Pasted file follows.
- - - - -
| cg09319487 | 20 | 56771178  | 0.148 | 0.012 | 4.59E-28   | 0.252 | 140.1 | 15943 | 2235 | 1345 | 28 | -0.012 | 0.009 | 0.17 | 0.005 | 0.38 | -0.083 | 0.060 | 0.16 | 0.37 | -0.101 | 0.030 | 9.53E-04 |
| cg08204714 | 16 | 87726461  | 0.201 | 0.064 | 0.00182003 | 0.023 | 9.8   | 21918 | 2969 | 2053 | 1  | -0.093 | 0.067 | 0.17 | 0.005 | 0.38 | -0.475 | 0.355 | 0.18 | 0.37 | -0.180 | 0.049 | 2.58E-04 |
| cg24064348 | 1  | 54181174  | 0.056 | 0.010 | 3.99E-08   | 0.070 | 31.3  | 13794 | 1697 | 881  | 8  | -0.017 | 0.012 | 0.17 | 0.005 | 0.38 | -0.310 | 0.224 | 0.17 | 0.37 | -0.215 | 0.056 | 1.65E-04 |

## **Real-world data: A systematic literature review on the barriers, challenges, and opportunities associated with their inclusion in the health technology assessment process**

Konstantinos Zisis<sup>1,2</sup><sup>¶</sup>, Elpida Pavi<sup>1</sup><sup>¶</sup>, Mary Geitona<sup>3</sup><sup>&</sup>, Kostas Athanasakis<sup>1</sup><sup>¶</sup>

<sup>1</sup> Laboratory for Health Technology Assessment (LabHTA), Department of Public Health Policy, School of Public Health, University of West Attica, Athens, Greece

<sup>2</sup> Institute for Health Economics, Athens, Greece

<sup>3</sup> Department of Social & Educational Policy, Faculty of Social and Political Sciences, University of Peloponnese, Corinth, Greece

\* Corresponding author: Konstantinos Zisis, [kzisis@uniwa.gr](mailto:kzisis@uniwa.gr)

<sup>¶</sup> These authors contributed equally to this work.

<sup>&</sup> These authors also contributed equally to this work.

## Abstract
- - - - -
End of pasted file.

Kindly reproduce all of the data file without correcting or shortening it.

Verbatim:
| cg09319487 | 20 | 56771178  | 0.148 | 0.012 | 4.59E-28   | 0.252 | 140.1 | 15943 | 2235 | 1345 | 28 | -0.012 | 0.009 | 0.17 | 0.005 | 0.38 | -0.083 | 0.060 | 0.16 | 0.37 | -0.101 | 0.030 | 9.53E-04 |
| cg08204714 | 16 | 87726461  | 0.201 | 0.064 | 0.00182003 | 0.023 | 9.8   | 21918 | 2969 | 2053 | 1  | -0.093 | 0.067 | 0.17 | 0.005 | 0.38 | -0.475 | 0.355 | 0.18 | 0.37 | -0.180 | 0.049 | 2.58E-04 |
| cg24064348 | 1  | 54181174  | 0.056 | 0.010 | 3.99E-08   | 0.070 | 31.3  | 13794 | 1697 | 881  | 8  | -0.017 | 0.012 | 0.17 | 0.005 | 0.38 | -0.310 | 0.224 | 0.17 | 0.37 | -0.215 | 0.056 | 1.65E-04 |

## **Real-world data: A systematic literature review on the barriers, challenges, and opportunities associated with their inclusion in the health technology assessment process**

Konstantinos Zisis<sup>1,2</sup><sup>¶</sup>, Elpida Pavi<sup>1</sup><sup>¶</sup>, Mary Geitona<sup>3</sup><sup>&</sup>, Kostas Athanasakis<sup>1</sup><sup>¶</sup>

<sup>1</sup> Laboratory for Health Technology Assessment (LabHTA), Department of Public Health Policy, School of Public Health, University of West Attica, Athens, Greece

<sup>2</sup> Institute for Health Economics, Athens, Greece

<sup>3</sup> Department of Social & Educational Policy, Faculty of Social and Political Sciences, University of Peloponnese, Corinth, Greece

\* Corresponding author: Konstantinos Zisis, [kzisis@uniwa.gr](mailto:kzisis@uniwa.gr)

<sup>¶</sup> These authors contributed equally to this work.

<sup>&</sup> These authors also contributed equally to this work.

## Abstract